Geraci details that prebiotics were mainly considered as “fibers” with no clear understanding of how they interact with the microbiome, except that they are beneficial for digestion.
She further details that people seek prebiotic and probiotic combinations, a specific activity or action on gut microbiota or certain prebiotic ingredients.
“There’s also a choice related to health benefits – immunity as well as brain and bone health, for example, are uncovering newfound benefits in the scope of prebiotics,” says Geraci.
Geraci says that the most popular prebiotics are mainly oligosaccharides and inulin.
“The reason is that they’ve been studied for years and accordingly have led the market, particularly in the digestion-fiber axis scope.”
“Most popular are chicory inulin types because they are the only plant-based officially recognized (ISAPP) prebiotic fibers available on the market. Numerous clinical studies demonstrate that chicory inulin types selectively increase bifidobacteria levels in the intestine in the general population. This results in beneficial health effects, notably improving bowel habit and digestive health,” adds Vermulst.
Siddhu says well-known prebiotics include inulin, FOS, GOS, HMOs, acacia gum and XOS.
“However, resistant starch and selected polyphenols, omega 3 fatty acids and beta-glucans have recently shown promising potential as emerging prebiotics. Due to their multiple health benefits and application friendliness, prebiotics is progressively used in varied food formulations.”
“While prebiotics help improve the nutritional profile, they also can enhance sensory characteristics of food, especially oligo and polysaccharides,” she says.
Deanne Dick, director of fiber at ADM, says that fiber continues to take center stage, with consumers looking to add even more fiber to their diets for reasons like digestion, weight management and satiety.
”While fiber is highly sought-after, many people associate it with digestive distress. Nearly 70% of consumers would not purchase a product again if it caused gastrointestinal discomfort,” Dick points out.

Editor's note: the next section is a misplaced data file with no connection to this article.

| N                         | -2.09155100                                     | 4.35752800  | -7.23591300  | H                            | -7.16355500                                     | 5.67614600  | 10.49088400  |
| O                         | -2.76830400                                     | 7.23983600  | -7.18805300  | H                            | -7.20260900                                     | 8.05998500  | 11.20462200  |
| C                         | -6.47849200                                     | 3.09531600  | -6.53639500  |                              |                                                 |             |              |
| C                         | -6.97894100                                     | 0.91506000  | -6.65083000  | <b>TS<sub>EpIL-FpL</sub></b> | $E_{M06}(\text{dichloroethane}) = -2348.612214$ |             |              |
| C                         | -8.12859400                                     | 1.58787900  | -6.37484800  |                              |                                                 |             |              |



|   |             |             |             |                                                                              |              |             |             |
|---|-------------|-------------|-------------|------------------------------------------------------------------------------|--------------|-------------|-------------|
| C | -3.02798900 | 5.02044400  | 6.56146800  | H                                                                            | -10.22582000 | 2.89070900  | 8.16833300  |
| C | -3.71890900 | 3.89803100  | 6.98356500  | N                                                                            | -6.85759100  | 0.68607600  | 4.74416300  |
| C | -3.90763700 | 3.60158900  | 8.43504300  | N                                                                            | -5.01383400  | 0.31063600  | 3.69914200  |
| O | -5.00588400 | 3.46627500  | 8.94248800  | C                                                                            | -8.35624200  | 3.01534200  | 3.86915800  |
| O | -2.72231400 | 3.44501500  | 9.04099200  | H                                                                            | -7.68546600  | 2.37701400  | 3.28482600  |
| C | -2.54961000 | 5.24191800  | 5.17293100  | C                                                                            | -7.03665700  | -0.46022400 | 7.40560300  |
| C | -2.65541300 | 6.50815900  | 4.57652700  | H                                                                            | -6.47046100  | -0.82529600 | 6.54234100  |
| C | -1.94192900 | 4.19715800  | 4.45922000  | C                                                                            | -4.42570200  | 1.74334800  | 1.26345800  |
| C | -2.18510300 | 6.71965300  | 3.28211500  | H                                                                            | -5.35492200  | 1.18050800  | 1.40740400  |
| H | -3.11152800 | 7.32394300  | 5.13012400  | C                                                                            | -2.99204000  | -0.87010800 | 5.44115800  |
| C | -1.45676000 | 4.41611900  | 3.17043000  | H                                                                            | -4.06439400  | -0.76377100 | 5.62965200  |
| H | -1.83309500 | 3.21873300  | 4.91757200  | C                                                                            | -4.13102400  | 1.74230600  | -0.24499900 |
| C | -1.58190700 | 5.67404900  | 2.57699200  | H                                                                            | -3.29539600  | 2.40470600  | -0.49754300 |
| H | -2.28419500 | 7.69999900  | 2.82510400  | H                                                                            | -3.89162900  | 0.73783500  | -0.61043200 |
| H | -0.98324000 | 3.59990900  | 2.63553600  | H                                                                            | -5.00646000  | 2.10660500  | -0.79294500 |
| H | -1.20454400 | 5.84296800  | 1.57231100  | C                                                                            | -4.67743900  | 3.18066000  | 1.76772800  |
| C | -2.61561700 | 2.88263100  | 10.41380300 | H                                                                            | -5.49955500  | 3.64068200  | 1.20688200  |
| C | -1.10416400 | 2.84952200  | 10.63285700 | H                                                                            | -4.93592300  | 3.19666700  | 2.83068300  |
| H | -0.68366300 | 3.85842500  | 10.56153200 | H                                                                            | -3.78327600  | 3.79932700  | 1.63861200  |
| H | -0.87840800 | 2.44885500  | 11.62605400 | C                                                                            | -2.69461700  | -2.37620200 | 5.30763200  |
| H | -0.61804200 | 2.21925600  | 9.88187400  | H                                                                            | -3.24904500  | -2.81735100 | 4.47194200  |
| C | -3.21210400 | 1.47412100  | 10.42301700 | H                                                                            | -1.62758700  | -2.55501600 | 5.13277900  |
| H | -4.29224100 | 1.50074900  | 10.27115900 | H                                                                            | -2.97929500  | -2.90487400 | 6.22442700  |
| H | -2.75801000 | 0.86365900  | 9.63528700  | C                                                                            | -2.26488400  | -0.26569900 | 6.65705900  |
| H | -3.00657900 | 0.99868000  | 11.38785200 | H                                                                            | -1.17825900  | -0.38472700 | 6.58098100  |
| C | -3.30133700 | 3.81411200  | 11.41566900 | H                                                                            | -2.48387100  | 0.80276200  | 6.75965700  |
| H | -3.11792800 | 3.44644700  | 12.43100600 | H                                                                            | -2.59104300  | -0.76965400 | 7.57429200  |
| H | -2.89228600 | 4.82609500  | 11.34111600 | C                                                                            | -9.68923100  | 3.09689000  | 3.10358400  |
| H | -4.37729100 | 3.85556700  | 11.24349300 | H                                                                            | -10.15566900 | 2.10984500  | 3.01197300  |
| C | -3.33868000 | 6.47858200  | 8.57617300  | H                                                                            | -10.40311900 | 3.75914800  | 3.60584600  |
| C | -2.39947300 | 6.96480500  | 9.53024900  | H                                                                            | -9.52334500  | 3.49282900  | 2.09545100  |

Siddhu says that personalized prebiotics may be relatively close in the future.
“Prebiotic nutrition can also be seen in horticulture to improve soil microbial health and crop production. Organizations like the Global Prebiotic Association and International Scientific Association for Probiotics and Prebiotics are at the forefront of prebiotic research, education and resources and are helping propel exciting industry innovation,” says Siddhu.
Geraci further details that microbiome research tends to accelerate and push innovation in this merging prebiotics category.
“The scope of ingredients is progressively growing, with newcomers such as polyphenols, glucan and yeast hydrolysate – hence, the vast growth potential for this category. Yet, there is a lack of familiarity with prebiotics – types, dosage, applications, the difference between pre- & probiotics, how they can work in synergy and how beneficial they can be for our health.
“Maybe this is where the most immediate efforts should be focused – on a broader spectrum of education around these powerful ingredients,” says Geraci.
Dick details that combining prebiotics and probiotics may be beneficial, “especially as probiotics can be supported by prebiotics that is selectively utilized by good bacteria, conferring a health benefit to humans.”
“One of the most exciting things about the digestive health and prebiotics category is that there is still so much to uncover about the role the gut can play in supporting all aspects of health – from cognitive health to athletic performance,” says Molenaar.
“Research is delving into the complex relationship the gut has with other key parts of our body, and as our scientific understanding grows, so too will the number and variety of product innovations,” she concludes.
By Beatrice Wihlander